Charges in other major business destinations tumble but the emirate's average daily room rate climbs to second highest after Moscow's.
Abu Dhabi, a costly destination
ABU DHABI // The capital's new-found status as the world's second most expensive business destination is causing headaches for firms keen to carve out a niche for the city as a top conference venue, event organisers said yesterday.
Abu Dhabi is second only to Moscow in the average cost of hotel accommodation, according to a report by the Hogg Robinson Group, an international business travel firm. And while the remainder of the world's most costly business tourism destinations saw double-digit price slumps during the first half of the year, room rates in Abu Dhabi rose by five per cent. Business travellers visiting the capital can expect to pay an average of Dh1,390.22 (US$378.50) per room per night.
In Dubai during the same period, hotel rates tumbled by almost a quarter, to Dh1,003.23, as the global economic slowdown cut demand for rooms. In Abu Dhabi, conference management companies complained that the high room rates were making the city uncompetitive. The upward pressure on prices would ease only as new hotels opened, they said. "Although we work with a UK-based travel agent who [makes] our Middle East hotel bookings and secures good rates for us, expensive hotel rates are still a concern for us," said the general manager of Nexus Holdings and Associates, Neil Manwaring, whose firm is staging the Middle East Broadcast Solutions (MEBS) 2009 conference in the capital.
"Hotel rates are not competitive, and when larger exhibitions are held, they tend to increase until a cap is put into place." However, despite the lower hotel prices in Dubai, Mr Manwaring ruled out a shift away from Abu Dhabi by his company. "We will continue organising our events here in Abu Dhabi, because we feel it is the new hub and the biggest platform in the Middle East, but, obviously, the rates of hotel rooms here are a challenge for us.
"The solution is more hotel rooms, which will bring the prices down and force competitiveness," he added. "There is a lack of hotel rooms now compared to Dubai, but that will quickly change." The Abu Dhabi Tourism Authority (ADTA) said the city currently had 13,000 hotel rooms, with a further 3,000 expected to open by the end of the year; 4,000 more are expected to become available next year. The authority conceded that hotel prices were rising and attributed the trend to strong demand.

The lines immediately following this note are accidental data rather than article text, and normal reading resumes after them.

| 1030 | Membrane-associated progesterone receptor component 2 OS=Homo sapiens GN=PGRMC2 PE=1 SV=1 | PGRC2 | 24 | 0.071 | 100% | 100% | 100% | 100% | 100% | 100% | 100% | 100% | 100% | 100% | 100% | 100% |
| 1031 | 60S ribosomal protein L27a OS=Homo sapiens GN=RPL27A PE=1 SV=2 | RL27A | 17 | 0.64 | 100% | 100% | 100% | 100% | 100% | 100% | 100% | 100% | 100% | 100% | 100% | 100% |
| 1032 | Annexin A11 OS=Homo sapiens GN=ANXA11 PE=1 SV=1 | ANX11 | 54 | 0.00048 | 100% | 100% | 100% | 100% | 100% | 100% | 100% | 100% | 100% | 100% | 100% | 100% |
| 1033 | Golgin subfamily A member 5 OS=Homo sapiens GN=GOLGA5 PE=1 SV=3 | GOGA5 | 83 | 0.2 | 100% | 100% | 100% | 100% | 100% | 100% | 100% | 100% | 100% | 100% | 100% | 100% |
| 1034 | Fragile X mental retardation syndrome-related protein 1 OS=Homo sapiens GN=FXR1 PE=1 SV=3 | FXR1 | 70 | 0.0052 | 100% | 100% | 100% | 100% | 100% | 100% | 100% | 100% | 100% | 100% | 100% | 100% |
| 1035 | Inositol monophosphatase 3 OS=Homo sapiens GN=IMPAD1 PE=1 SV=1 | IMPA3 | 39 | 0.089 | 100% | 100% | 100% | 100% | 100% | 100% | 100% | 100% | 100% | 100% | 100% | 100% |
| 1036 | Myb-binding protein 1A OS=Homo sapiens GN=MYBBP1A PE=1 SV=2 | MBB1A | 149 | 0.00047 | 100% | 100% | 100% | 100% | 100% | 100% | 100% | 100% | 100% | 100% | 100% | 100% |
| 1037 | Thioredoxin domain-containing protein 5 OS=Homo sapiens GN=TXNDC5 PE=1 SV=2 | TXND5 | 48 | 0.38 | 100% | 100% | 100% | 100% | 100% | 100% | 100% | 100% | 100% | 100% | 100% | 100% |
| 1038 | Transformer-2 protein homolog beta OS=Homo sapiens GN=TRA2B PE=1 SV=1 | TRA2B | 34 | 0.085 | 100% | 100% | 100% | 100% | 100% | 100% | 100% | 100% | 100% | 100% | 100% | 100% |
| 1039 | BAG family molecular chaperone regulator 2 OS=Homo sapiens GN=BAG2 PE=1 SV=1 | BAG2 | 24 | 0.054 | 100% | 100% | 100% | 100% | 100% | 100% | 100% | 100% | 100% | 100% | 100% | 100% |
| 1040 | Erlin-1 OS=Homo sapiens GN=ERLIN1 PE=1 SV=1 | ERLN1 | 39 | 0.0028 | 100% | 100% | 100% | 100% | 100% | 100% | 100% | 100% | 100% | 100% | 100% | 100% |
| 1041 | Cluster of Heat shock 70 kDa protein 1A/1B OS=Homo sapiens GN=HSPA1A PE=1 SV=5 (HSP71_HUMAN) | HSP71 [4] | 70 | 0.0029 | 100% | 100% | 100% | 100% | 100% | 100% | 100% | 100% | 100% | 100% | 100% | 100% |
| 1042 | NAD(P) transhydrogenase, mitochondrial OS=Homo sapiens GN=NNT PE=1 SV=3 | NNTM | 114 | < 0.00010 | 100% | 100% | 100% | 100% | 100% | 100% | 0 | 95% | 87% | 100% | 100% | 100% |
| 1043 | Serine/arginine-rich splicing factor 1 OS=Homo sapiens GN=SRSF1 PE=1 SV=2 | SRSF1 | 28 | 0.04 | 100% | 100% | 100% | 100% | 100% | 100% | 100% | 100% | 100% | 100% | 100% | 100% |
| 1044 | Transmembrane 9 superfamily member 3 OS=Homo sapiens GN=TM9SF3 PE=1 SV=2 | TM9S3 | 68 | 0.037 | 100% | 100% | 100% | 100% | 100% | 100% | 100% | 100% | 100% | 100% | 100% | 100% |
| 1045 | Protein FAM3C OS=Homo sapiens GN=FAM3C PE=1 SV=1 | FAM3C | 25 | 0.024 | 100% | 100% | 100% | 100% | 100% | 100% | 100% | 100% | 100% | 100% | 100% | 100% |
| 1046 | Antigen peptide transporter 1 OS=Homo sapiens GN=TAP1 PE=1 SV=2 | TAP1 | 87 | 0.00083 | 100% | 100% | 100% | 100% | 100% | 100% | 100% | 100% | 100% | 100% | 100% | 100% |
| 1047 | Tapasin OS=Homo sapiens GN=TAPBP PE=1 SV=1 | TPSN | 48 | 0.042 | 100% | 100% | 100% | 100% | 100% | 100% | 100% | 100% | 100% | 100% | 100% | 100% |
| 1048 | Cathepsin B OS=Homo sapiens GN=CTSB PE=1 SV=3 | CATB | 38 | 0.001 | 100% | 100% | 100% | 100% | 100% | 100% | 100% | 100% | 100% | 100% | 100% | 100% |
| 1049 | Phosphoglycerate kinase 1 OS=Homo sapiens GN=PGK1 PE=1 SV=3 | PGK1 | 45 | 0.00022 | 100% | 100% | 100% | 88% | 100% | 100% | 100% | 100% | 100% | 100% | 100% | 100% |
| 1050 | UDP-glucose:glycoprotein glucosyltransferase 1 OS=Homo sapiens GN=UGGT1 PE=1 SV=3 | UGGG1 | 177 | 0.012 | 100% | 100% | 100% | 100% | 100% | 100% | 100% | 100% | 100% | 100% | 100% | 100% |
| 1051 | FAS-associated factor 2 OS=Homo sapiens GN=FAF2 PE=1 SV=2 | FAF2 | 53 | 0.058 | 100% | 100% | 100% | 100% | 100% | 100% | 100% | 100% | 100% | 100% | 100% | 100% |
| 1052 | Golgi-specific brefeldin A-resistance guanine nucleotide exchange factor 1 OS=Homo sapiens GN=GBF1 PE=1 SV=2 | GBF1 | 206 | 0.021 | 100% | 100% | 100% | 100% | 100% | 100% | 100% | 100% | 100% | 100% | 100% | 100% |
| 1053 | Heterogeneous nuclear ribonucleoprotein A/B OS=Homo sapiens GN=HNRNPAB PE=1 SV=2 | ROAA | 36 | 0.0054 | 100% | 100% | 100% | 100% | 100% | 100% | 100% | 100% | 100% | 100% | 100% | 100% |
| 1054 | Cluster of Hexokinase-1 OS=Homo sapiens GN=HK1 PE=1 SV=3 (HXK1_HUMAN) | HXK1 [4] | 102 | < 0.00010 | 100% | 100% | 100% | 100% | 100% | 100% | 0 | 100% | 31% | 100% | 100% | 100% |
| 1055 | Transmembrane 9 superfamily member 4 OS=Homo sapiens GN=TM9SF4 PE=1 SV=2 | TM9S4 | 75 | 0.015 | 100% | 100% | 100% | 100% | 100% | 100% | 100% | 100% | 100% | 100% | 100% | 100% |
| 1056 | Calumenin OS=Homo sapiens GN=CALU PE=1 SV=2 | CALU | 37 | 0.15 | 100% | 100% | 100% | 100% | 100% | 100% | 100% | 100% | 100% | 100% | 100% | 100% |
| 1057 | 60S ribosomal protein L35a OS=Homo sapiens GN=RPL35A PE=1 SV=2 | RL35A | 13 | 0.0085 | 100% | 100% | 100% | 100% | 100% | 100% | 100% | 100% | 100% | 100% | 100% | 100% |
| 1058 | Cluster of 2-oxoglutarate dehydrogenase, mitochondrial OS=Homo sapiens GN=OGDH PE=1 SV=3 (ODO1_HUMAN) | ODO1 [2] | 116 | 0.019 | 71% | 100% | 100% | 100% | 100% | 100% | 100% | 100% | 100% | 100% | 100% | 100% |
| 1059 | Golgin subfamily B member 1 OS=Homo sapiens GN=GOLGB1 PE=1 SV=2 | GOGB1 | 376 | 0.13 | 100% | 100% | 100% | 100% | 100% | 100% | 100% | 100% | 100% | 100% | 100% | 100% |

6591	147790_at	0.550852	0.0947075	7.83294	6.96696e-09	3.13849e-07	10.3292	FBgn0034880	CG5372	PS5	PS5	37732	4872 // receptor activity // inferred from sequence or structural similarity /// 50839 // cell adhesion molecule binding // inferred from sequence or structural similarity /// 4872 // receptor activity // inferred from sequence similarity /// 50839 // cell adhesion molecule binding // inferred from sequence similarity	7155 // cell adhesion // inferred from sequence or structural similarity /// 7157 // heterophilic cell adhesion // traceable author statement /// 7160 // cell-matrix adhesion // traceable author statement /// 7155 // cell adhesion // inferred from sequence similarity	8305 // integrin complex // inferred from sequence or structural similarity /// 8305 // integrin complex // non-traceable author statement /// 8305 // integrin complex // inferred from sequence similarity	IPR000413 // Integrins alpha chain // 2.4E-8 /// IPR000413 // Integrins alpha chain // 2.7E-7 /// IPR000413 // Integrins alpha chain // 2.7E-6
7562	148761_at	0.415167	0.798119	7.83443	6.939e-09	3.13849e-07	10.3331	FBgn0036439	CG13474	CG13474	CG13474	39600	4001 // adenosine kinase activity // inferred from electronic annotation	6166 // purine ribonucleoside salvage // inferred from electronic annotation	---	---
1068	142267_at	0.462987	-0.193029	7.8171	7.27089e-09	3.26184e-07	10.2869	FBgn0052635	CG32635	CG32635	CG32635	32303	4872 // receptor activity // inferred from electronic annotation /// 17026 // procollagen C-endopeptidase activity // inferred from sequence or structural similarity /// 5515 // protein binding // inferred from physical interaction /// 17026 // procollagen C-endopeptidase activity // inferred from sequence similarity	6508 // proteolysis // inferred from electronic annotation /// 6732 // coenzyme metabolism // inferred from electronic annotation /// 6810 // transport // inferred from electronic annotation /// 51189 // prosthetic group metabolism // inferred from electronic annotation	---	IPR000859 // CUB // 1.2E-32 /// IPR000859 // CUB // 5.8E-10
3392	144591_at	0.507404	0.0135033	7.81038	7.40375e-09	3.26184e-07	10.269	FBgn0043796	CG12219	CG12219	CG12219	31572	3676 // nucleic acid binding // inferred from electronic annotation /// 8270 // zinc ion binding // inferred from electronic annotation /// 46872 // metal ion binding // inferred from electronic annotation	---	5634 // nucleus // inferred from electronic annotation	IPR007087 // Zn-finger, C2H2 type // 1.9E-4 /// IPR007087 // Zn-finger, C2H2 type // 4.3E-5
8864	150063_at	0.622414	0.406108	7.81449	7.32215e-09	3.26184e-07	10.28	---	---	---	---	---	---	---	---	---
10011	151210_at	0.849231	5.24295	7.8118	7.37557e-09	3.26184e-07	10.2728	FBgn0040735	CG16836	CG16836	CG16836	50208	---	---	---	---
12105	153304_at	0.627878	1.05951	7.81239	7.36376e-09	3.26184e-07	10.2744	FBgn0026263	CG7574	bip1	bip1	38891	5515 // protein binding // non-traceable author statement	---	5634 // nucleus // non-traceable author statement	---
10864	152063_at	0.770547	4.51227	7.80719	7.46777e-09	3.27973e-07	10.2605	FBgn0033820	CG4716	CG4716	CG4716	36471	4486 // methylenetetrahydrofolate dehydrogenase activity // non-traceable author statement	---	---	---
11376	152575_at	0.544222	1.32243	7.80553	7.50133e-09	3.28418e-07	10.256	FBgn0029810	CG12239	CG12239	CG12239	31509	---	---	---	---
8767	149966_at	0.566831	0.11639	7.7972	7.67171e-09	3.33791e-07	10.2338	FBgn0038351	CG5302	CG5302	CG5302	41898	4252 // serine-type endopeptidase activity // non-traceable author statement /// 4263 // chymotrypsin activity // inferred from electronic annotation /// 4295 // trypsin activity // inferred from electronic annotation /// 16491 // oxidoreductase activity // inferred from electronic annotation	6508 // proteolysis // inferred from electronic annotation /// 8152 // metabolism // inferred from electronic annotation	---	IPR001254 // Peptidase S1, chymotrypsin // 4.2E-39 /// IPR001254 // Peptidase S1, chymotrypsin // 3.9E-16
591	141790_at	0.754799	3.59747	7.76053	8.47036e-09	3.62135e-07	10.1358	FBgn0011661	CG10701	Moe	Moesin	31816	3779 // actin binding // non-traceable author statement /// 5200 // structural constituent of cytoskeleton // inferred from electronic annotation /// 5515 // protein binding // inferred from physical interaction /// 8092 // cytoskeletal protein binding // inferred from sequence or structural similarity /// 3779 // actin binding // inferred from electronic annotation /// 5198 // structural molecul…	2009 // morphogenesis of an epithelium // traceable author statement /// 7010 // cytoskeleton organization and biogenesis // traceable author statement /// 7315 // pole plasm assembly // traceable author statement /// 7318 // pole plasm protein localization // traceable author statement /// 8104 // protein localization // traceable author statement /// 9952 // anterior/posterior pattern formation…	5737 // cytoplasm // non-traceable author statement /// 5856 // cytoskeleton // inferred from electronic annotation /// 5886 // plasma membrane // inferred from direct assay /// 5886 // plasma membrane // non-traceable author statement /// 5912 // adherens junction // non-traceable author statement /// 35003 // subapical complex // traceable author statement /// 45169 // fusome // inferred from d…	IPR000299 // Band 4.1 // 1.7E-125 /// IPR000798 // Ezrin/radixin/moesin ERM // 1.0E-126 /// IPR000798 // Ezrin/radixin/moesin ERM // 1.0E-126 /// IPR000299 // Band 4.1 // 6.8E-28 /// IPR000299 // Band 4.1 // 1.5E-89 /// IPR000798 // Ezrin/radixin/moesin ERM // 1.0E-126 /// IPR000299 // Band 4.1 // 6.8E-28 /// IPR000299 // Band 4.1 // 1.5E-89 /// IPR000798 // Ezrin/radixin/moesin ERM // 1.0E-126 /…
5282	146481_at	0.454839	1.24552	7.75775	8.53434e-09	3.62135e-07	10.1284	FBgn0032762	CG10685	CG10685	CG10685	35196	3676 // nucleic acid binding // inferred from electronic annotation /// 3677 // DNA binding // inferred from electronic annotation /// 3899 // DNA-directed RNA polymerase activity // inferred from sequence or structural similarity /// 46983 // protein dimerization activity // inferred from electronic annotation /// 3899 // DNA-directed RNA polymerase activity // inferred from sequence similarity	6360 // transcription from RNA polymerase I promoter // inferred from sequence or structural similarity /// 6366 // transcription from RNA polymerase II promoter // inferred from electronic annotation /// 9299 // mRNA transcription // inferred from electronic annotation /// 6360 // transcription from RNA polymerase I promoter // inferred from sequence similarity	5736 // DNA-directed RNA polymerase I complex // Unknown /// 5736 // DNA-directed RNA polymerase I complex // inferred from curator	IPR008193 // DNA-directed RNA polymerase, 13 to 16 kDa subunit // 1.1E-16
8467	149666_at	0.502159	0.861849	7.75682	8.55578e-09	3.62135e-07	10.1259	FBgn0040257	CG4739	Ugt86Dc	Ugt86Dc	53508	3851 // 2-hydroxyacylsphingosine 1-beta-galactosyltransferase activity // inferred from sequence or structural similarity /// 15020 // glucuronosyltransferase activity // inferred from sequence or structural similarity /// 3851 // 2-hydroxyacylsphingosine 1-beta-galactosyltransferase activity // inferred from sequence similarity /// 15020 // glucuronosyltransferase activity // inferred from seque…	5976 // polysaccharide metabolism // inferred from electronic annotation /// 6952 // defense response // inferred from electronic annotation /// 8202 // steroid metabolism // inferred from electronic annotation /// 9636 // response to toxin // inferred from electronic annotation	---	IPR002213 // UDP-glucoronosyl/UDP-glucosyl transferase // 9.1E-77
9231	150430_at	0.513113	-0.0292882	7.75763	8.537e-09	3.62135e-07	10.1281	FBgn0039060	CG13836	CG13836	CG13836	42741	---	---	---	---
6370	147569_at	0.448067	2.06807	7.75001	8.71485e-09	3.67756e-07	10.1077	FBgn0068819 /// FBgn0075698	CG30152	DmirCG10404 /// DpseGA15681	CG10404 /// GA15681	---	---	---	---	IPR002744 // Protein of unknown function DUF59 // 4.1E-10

"Abu Dhabi is a place where business is still actively being done," it said in a statement. Akram Sabri, the general manager of Sky Conferences and Exhibitions, which is organising the Bonjour La France European Exhibition for later this year, spoke about the effect of higher hotel rates. "We have a lot of people coming from France who have asked us for two or three-star hotels, thinking that the prices we gave them are so high because they are five-star hotels," Mr Sabri said.
"They don't care about where they are staying, as long as it is affordable, but we can't offer them anything affordable. "The exhibition and conference industry is important to Abu Dhabi. "We are beginning to rent out our stands for less so we can entice exhibitors who will also have to consider hotel costs and flight costs. "We know what the situation of hotels is like here in the city, so we try to find other ways to keep our clients."
The high room prices should be seen in terms of market dynamics, said Reema Baroudi, a spokeswoman for the InterContinental, one of the city's biggest hotels. "By the end of October, there will be a number of new hotels opening and much more supply available. "Normally, an increase in hotel supply would drive down prices, but there are so many projects being launched in Abu Dhabi, I would expect the number of business travellers to continue to increase.
"Whether or not the increased number of rooms will be enough to satisfy the increase in demand is difficult to know." Hotel chains including Fairmont, Radisson, Holiday Inn, Crowne Plaza are expected to open properties later this year. The new, 499-room Yas Hotel will open this year at the heart of Abu Dhabi's Grand Prix racetrack in time for the finale of the Formula One season in November. Business travellers made up around 90 per cent of hotel guests, an increase from the 80 per cent in 2008, Ms Baroudi said.
"Abu Dhabi is a booming business centre. There are a lot of things happening in the city which continue to draw people here for work." Klaus Niefer, the deputy general manager of Le Meridien, said that the higher room rates reflected the fact that Abu Dhabi had been more sheltered from the worst effects of the global credit crunch. "The people who are coming to Abu Dhabi are still mostly business people, and the supply of rooms is still quite moderate.
"The US and Europe has been worst affected [by the economic slowdown], and they felt the impact sooner, too. "England is still a key feeder market for Dubai, particularly in the financial sector, so any impact felt in England as a consequence of the slowdown will be felt in Dubai." Abu Dhabi's hotel market remains relatively small and undersupplied, according to Max Cooper, executive vice president of Jones Lang LaSalle Hotels, the commercial real estate brokerage firm.
"The current stock of hotels is also heavily skewed to the upper tier segments, with approximately 58 per cent of hotel rooms being five-star and 32 per cent four-star," he said. "With a significant increase of hotel inventory coming on line by year end and over the next two years, it is expected there will be additional pressure on rates generally in this market as has been experienced in Dubai."
firstname.lastname@example.org email@example.com * With additional reporting by Rebecca Bundhun